Giving older children preventive malaria drugs significantly reduces cases and transmission

Successful Senegalese trial a 'blueprint' for countries battling seasonal malaria.

Giving preventive antimalarial drugs to children up to age 10 during the high malaria season in Senegal more than halved cases of malaria in that age group, according to new research published in PLOS Medicine.

The large randomised study of 200,000 children was led by the London School of Hygiene & Tropical Medicine and Université Cheikh Anta Diop, Senegal. It found Seasonal Malaria Chemoprevention (SMC) also reduced cases in those above 10 years of age by a quarter, demonstrating that the intervention had contributed to reducing transmission of the disease.

SMC provides a high degree of personal protection but until now it was assumed that it would not contribute to community-wide reduction in the transmission of malaria.

There were approximately 214 million malaria cases and an estimated 438,000 malaria deaths in 2015 - 89% of cases and 91% of deaths occurred in Sub Saharan Africa.  SMC is a relatively new tool in the fight against malaria. It involves treating children with antimalarial drugs sulfadoxine-pyrimethamine and amodiaquine once a month during the rainy season, to prevent malaria where the disease is highly seasonal.

Following a series of successful studies by the School and its partners in West Africa, the World Health Organization recommended that children under five years of age living in the African Sahel and sub-Sahel should receive SMC. National malaria control programmes have been quick to respond and SMC has now been rolled out to 11 countries, reaching about 15 million children in 2016.  

However, with the relative number of malaria cases in the region's older children increasing, this new study was undertaken to examine the effectiveness of SMC extended to include children up to age 10. Between 2008 and 2011, 54 local health centres in central Senegal were randomised to provide SMC to children up to age 10, or act as controls. Over three years 780,000 SMC treatments were given to children. Malaria cases in each community were then monitored at outpatient clinics and hospitals, and deaths were recorded through surveys.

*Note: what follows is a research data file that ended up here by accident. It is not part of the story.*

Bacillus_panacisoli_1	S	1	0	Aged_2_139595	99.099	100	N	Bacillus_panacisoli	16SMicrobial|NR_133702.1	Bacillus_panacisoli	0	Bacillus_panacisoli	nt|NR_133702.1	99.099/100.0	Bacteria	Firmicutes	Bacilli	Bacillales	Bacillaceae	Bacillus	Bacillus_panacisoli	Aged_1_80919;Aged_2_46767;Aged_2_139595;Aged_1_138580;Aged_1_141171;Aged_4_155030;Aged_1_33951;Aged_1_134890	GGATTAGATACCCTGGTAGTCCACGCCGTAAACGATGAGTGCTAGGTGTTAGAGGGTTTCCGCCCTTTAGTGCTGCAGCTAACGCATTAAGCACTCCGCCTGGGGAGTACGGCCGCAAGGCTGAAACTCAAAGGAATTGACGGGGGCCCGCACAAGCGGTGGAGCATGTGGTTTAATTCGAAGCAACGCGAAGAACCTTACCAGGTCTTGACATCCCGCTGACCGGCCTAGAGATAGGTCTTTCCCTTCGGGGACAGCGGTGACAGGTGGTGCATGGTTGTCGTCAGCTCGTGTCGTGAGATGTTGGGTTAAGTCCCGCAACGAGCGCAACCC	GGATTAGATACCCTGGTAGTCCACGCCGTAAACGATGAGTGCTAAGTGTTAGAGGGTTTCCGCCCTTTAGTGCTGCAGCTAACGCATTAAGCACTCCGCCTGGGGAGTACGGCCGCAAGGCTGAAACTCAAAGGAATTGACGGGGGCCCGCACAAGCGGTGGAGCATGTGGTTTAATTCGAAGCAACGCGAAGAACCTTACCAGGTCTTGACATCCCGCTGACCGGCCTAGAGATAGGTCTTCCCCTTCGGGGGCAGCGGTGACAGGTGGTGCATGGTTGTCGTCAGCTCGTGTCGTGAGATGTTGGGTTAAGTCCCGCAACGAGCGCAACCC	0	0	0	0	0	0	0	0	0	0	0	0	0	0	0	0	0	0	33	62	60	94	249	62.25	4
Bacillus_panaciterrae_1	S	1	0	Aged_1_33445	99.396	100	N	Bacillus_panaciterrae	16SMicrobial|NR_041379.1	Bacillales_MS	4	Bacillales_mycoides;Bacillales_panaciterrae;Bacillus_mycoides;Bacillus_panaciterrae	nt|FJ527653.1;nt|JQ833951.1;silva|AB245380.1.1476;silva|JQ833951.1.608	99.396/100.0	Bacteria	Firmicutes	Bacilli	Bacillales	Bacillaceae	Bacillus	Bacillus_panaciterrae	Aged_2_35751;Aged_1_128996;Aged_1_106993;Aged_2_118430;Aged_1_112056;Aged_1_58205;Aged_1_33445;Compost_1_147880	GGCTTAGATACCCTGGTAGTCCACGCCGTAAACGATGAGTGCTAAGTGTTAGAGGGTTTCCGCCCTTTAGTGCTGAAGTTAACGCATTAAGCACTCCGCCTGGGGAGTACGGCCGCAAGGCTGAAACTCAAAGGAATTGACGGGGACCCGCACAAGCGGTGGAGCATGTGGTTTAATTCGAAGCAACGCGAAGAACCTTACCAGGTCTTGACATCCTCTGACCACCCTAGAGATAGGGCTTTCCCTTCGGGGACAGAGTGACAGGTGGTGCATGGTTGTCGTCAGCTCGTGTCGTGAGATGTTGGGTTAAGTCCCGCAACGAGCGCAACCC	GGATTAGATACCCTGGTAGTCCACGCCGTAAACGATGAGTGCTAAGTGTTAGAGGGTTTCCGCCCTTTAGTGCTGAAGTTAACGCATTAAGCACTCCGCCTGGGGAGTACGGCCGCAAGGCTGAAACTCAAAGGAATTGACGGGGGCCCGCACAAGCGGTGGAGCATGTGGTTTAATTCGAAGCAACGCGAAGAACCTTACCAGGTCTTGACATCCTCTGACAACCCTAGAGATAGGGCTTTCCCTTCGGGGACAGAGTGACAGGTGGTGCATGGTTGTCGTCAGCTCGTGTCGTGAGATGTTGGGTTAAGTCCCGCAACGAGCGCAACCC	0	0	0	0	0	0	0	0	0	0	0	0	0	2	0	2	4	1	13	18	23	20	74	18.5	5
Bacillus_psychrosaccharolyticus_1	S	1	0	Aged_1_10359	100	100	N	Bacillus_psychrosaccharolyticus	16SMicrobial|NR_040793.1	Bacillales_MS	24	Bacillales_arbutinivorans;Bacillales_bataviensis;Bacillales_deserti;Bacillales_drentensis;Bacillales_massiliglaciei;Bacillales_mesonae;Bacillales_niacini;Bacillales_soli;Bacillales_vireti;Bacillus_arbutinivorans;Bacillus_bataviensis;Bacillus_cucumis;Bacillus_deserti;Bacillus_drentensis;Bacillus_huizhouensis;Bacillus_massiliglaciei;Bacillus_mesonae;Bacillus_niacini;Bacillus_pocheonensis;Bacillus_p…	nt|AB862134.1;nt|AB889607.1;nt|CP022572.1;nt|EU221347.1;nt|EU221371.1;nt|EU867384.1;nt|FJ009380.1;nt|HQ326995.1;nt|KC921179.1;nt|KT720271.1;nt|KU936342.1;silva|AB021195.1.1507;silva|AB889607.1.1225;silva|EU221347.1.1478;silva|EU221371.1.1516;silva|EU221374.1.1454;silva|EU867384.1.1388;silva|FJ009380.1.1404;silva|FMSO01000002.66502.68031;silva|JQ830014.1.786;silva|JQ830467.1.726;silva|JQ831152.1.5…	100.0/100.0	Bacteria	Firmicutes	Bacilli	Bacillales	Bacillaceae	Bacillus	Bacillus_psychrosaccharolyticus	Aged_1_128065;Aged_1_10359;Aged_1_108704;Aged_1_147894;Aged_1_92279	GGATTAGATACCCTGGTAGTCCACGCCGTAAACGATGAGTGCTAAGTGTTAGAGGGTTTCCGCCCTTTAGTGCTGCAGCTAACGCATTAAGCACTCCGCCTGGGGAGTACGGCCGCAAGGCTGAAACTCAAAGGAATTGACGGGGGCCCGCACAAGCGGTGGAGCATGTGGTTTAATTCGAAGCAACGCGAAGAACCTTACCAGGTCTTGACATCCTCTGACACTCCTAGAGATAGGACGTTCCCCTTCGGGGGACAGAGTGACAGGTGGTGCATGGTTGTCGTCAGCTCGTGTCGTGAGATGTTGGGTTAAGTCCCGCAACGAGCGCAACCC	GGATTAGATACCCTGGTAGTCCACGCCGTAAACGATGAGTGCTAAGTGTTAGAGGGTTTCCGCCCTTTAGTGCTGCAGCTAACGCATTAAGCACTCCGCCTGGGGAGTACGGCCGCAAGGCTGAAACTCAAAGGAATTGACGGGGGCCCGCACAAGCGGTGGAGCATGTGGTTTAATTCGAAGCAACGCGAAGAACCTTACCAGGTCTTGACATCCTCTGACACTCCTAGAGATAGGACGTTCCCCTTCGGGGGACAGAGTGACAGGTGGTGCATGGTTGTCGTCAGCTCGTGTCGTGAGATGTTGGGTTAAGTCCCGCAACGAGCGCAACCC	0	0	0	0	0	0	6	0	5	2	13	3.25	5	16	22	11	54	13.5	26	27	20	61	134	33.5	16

Dr Paul Milligan, lead investigator from the London School of Hygiene & Tropical Medicine, said: "Although progress is being made to tackle malaria, it remains one of the biggest killers of children in sub Saharan Africa. Seasonal Malaria Chemoprevention is designed specifically for situations where the malaria is intense but confined to a short period each year. We wanted to know if it was practical to include older children in SMC programmes, and discover what the subsequent effect on their health and malaria transmission would be.

"We found that SMC delivered by district health teams using community health workers reduced the incidence of malaria in the under 10s by 60% and the incidence of severe malaria by 45%. The intervention also led to a 26% decrease in cases of malaria in those above 10 years of age, showing that SMC could contribute to reducing malaria transmission. Although this effect was modest it is essential to winning the long-term fight against the disease. It is important now to strengthen national surveillance systems so we can define the regions where expanding the age range for SMC would have the greatest benefit."

Importantly, the team found that including older children did not greatly increase the time needed to deliver the intervention each month. The treatments also provided a high degree of protection for an average cost of $0.50 per child each month and no severe side effects were recorded.

Dr Badara Cisse, lead investigator from the Université Cheikh Anta Diop, said: "The SMC intervention in Senegal is an example of a locally-adapted approach to malaria control that could be a blueprint for an effective strategy to tackle malaria in this part of Africa. The development of the SMC intervention illustrates the value of partnerships between researchers in endemic countries, malaria control programmes, and the London School of Hygiene & Tropical Medicine."

The authors acknowledge limitations of the study, including the need to better understand the effect of SMC on antimalarial drug resistance and the fact that they weren't able to demonstrate an effect on mortality.

However, since the study was completed, Senegal has started to introduce SMC for children up to 10 years of age as part of its national malaria control strategy. The monitoring and evaluation of this new programme includes assessments of drug safety and efficacy, and measuring the impact on malaria and child survival.

The study was funded by the Bill & Melinda Gates Foundation.


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Image: Plasmodium falciparum. Credit Samana Schwank

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